brand orgy that is the Super Bowl to the ad capital of the world and sparks are going to fly.
Typifying this chemistry, Verizon and the NFL are using the Empire State Building -- and
the occasion of the big game -- to execute one of the most visible social-meets-digital-out-of-home campaigns ever.
All week, Verizon is using its Twitter account, @VerizonWireless,
to ask fans football-related questions using the hashtag #WhosGonnaWin.
The phone carrier is using their responses, and accompanying game predictions, to determine what colors will
light up New York City’s most iconic beacon nightly: the Denver Broncos’ orange, blue, and white, or the Seattle Seahawks’ green, blue and silver.
social-media experts applauded the effort. “I think it's fairly unique in a time where every brand is jockeying for notice on the biggest 'ad' day of the year,” said Scott Stratten,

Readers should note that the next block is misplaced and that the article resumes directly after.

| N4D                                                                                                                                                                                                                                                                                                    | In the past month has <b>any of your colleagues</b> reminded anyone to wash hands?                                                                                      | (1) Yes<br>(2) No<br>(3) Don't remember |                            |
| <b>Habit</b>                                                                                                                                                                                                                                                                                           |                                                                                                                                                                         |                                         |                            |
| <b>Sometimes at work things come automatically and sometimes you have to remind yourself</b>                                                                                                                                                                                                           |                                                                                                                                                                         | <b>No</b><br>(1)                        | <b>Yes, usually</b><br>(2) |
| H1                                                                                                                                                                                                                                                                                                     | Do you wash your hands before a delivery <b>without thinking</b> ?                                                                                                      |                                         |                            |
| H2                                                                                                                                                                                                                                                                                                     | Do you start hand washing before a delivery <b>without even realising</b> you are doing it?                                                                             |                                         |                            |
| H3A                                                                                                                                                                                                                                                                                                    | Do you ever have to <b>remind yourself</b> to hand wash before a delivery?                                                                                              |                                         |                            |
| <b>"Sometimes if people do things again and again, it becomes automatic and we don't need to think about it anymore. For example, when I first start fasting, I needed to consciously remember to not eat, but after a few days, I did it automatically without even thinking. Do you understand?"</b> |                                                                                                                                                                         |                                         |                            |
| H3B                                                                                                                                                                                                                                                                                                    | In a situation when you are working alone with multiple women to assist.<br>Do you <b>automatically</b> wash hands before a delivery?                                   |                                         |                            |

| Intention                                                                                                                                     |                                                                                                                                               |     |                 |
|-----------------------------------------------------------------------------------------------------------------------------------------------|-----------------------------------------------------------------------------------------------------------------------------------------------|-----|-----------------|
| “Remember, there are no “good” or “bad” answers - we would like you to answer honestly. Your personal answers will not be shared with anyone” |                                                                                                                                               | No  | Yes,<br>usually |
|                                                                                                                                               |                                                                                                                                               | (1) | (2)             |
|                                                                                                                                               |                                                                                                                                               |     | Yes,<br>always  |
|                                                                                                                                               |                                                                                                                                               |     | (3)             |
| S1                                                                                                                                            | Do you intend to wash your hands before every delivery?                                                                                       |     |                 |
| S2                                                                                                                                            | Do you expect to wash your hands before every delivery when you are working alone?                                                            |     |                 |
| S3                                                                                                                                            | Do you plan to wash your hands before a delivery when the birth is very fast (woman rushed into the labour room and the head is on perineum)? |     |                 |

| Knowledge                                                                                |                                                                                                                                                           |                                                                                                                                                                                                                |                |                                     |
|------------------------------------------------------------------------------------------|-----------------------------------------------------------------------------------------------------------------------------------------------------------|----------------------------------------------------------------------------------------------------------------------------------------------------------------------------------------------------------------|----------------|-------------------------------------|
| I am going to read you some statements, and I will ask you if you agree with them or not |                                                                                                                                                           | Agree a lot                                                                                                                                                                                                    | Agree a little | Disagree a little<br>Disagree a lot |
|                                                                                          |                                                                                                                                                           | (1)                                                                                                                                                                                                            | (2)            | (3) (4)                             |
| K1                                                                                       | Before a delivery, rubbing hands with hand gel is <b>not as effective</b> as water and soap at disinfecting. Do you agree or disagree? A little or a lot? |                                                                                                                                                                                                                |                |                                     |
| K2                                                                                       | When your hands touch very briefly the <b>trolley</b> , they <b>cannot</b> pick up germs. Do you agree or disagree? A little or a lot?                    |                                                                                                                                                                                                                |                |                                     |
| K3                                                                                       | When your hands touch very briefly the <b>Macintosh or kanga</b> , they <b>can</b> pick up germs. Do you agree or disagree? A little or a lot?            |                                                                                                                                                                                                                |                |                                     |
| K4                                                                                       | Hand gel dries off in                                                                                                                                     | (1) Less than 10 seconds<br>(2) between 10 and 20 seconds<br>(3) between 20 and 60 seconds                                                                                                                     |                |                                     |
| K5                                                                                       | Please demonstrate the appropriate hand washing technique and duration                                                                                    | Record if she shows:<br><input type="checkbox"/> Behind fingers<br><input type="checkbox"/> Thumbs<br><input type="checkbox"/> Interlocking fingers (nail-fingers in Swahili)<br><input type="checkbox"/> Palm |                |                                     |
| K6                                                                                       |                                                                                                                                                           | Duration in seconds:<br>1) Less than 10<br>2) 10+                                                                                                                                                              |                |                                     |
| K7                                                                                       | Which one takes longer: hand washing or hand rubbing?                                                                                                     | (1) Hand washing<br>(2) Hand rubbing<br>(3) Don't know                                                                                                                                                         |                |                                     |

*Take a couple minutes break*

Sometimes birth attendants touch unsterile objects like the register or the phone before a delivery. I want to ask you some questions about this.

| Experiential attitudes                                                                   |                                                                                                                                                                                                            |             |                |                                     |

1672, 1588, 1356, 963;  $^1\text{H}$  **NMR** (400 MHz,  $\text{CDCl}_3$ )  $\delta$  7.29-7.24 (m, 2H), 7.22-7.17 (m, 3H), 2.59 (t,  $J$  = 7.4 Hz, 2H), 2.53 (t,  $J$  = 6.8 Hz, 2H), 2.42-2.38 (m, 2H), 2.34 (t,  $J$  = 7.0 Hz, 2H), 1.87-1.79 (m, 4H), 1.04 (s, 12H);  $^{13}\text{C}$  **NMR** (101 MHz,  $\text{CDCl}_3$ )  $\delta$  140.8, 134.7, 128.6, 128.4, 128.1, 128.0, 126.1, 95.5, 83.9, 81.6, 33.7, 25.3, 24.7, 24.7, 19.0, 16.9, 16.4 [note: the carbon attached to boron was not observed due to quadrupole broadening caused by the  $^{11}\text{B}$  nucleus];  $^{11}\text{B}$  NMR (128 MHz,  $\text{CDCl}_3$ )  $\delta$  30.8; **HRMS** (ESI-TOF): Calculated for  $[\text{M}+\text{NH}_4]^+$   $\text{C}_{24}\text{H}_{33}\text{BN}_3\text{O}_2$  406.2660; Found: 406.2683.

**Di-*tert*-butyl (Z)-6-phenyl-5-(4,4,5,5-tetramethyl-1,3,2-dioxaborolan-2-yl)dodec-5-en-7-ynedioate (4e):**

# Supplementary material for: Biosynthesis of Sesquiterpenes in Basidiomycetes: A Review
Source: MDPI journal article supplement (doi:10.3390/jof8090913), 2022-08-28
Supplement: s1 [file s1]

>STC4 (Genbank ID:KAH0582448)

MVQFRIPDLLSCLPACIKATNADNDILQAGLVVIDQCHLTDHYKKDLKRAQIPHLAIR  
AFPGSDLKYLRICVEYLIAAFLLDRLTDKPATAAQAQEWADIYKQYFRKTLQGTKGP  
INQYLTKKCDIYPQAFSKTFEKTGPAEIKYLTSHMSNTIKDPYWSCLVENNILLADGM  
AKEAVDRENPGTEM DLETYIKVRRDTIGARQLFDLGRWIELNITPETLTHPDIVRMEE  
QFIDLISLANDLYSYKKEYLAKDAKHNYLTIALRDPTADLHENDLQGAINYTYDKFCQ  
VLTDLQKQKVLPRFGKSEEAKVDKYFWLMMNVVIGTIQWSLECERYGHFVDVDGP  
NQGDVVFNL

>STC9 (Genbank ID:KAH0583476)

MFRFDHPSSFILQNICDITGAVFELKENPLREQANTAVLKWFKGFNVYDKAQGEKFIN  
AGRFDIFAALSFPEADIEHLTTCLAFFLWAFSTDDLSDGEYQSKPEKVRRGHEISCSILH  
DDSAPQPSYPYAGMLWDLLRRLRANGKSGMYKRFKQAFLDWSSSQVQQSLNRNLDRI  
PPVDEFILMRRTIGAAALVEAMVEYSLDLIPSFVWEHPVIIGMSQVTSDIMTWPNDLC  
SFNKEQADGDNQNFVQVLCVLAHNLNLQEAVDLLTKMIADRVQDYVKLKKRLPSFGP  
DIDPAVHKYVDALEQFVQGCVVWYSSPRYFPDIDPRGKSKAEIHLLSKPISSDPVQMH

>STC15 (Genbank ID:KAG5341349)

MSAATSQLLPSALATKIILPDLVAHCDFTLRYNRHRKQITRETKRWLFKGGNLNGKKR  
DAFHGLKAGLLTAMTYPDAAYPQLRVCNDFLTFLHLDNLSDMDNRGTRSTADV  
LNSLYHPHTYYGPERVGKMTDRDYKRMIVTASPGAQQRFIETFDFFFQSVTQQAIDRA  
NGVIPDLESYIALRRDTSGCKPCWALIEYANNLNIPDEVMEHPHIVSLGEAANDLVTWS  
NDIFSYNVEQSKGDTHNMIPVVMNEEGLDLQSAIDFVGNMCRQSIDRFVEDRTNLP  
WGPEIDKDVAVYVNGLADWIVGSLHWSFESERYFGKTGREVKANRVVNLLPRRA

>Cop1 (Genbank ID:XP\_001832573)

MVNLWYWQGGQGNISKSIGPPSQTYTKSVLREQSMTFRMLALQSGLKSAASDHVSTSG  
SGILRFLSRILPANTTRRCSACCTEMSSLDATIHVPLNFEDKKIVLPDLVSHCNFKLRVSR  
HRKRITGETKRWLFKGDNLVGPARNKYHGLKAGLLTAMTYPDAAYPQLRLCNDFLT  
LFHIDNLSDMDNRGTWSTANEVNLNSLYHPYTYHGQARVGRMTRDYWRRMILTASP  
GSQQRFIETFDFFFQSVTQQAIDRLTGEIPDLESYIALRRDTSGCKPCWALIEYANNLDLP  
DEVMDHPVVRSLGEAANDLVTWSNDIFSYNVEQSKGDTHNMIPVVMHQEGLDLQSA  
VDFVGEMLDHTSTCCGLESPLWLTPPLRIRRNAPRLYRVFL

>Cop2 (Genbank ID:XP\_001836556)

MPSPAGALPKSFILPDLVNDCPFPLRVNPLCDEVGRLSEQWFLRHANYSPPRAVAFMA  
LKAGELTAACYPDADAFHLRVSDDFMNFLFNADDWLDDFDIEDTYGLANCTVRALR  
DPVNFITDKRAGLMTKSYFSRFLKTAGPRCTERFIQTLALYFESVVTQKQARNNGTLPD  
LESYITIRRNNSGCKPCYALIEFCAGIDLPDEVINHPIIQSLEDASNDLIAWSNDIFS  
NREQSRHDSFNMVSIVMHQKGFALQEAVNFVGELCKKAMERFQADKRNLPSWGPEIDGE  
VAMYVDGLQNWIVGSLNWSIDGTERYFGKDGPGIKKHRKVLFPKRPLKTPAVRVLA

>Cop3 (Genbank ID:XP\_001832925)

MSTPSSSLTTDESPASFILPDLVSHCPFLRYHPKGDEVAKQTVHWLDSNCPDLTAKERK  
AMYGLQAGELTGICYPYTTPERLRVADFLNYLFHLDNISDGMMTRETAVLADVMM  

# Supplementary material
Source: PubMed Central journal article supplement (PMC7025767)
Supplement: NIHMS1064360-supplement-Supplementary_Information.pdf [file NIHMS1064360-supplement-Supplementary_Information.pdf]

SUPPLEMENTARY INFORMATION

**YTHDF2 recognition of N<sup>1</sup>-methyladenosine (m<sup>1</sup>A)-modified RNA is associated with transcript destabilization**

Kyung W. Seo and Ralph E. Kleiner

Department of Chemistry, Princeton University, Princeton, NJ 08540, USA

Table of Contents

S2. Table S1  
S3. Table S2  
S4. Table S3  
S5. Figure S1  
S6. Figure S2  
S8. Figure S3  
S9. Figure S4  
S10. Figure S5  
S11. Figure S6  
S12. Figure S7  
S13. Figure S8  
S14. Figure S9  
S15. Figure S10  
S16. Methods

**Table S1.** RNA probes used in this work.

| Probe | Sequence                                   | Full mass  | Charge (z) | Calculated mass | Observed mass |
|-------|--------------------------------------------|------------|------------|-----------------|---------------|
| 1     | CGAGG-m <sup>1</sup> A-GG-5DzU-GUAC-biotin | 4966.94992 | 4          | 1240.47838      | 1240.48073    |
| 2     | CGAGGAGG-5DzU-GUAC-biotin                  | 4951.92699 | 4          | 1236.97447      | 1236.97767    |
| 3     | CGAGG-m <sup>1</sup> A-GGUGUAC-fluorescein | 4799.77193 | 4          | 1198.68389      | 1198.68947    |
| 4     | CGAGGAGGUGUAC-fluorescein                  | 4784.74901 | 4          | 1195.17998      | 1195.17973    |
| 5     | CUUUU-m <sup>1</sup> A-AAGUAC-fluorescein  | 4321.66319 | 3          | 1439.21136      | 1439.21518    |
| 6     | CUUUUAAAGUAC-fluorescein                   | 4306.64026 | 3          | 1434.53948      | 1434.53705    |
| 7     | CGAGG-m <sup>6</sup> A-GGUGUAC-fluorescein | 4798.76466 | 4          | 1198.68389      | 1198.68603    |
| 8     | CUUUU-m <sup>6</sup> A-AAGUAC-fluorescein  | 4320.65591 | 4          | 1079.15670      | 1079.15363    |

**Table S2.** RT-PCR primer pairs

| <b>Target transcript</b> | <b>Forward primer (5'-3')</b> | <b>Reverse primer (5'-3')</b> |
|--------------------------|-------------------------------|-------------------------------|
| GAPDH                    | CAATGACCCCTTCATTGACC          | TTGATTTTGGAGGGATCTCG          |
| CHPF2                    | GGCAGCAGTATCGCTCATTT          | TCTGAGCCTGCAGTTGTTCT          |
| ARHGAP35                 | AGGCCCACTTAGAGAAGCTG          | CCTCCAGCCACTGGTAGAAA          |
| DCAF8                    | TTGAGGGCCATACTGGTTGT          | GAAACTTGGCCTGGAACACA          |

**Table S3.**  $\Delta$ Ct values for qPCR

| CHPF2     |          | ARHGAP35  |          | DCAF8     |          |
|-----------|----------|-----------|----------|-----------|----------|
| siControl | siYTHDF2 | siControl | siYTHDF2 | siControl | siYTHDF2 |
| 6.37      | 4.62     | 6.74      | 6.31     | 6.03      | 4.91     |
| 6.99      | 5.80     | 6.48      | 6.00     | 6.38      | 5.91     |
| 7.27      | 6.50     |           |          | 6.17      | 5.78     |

president of Un-Marketing.
“Everyone will be trying to be the next Oreo during the Super Bowl, [so] this is a good way of getting the chatter, especially before,” he
To make sense of fans’ Twitter activity, Verizon is relying on Twitter sentiment analysis expert professor Mike Thelwall and a team of MIT graduates, who specialize in
linguistic analysis and data visualization.
The effort also requires the expertise of the Empire State Building’s lighting designer Marc Brickman to bring the colors of the two
Super Bowl XLVIII teams to life.
Also lending a hand -- by flipping the light switch every night -- are NFL stars Drew Brees and Matt Forte, along with NFL Hall of Famers Barry
Sanders, Marshall Faulk and Curtis Martin.
Beginning at 6 p.m. every night this week, a light show is celebrating the colors of all 32 NFL teams. Then, just before 7, the results
portion of the show -- set to music provided by NFL Films -- takes over.
For those without a clear view of the Empire State Building, Verizon is also live-streaming the nightly event
at WhosGonnaWin.com and on NFL Mobile.
On Super Bowl Sunday, the landmark’s lights will be synchronized to the game’s activities. The national anthem will be accompanied
by a red, white and blue light show, while the fans' latest predictions will be projected during halftime.
Finally, a light show will celebrate the Super Bowl XLVIII champions at the
end of the game and continue through the following day.